Integrating peer support into service delivery: A good practice guidePATA2020-09-12T00:13:05+02:00
Integrating peer support into service delivery: A good practice guide
As a health provider in a busy facility you might ask what difference it would make to have peer supporters as part of the facility team and how you would plan and establish a peer support (PS) programme. You might be unsure about their role or you could be wondering how to go about recruiting, training, supporting them and making them feel a part of the team. This toolkit will help to answer these and other questions and will highlight the many benefits of PS.
This Good Practice Guide was developed through lessons learnt across several PATA partnerships that focus on integrating peer support strategies. The development of the guide was largely informed by the Unfinished Business Initiative in South Africa (Anova Health Institute, Wits RHI, Health Systems Trust and AIDS Foundation of South Africa) and supported by the ELMA Foundation and ViiV Healthcare’s Positive Action. PATA was also able to draw upon lessons across the region through its REACH (Re-engage Adolescents and Children with HIV) programme, also supported by ViiV Healthcare’s Positive Action and implemented in Kenya, Malawi, Zambia, Cameroon and Uganda. Lastly, important lessons were also gained through the READY+ (Resilient & Empowered Adolescents & Young People) consortia led by Frontline AIDS and implemented in Zimbabwe, Tanzania, Mozambique and Eswatini.
Who is this toolkit for?
This toolkit is aimed primarily at health providers, specifically health facility managers and organisations engaging PS programmes to strengthen healthcare. It has been designed as an informative resource for the integration of PS into HIV models of care for adolescents and young people.
How do I use this toolkit?
The toolkit provides practical guidance on how to create a successful facility or community-based PS programme. It does not matter if you have an established programme or if you are just starting out. You will find information to help with important decisions plus examples of many of the tools needed to ensure that your PS programme runs smoothly, is effective and achieves its goals.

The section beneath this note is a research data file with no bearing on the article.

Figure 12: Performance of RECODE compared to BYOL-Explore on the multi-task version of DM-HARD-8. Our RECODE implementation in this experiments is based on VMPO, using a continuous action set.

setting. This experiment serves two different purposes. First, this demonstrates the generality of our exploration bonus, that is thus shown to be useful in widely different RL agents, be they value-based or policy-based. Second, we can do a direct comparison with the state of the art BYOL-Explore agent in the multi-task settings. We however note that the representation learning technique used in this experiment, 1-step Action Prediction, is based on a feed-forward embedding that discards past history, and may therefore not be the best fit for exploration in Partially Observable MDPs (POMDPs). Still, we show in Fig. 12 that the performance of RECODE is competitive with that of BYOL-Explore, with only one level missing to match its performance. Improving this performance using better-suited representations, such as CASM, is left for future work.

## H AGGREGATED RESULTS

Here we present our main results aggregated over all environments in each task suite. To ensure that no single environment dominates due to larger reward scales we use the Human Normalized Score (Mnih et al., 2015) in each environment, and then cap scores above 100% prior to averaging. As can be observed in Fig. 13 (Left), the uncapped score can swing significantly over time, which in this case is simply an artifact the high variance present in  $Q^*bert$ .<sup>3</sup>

The toolkit is made up of seven stand-alone modules, enabling you to identify particular areas where you need guidance and resources (eg. supervision of peer supporters). You can go through each section or dip into different sections and choose the bits of information that are likely to help you most at any given point.
As you engage with this Good Practice Guide, you are invited to provide feedback, based on your own experiences and learnings. Please send your feedback or any updates to firstname.lastname@example.org. Your feedback is important to us and will inform a regular review and update process every second month.
Module 1: Understanding peer support
In this module you will be familiarised with the concept of PS. You will obtain an understanding of the work of the peer supporter and learn how PS can benefit your facility programme. The benefits of PS for health providers, clients and health outcomes are also discussed, as are some of the limitations and challenges of PS programmes.
Module 2: Creating a conducive and friendly facility environment
In the first module we established the importance of the role played by peer supporters in strengthening the delivery of healthcare services to adolescents and young people. We also saw the many advantages for health providers, and of course the benefits of a PS programme for peer supporters themselves. In this module we will be focusing on the facility environment as one of the most important aspects of any PS programme. Creating a conducive client environment should ideally be addressed prior to implementation of a PS programme. The appropriate environment will contribute greatly to the success of the programme.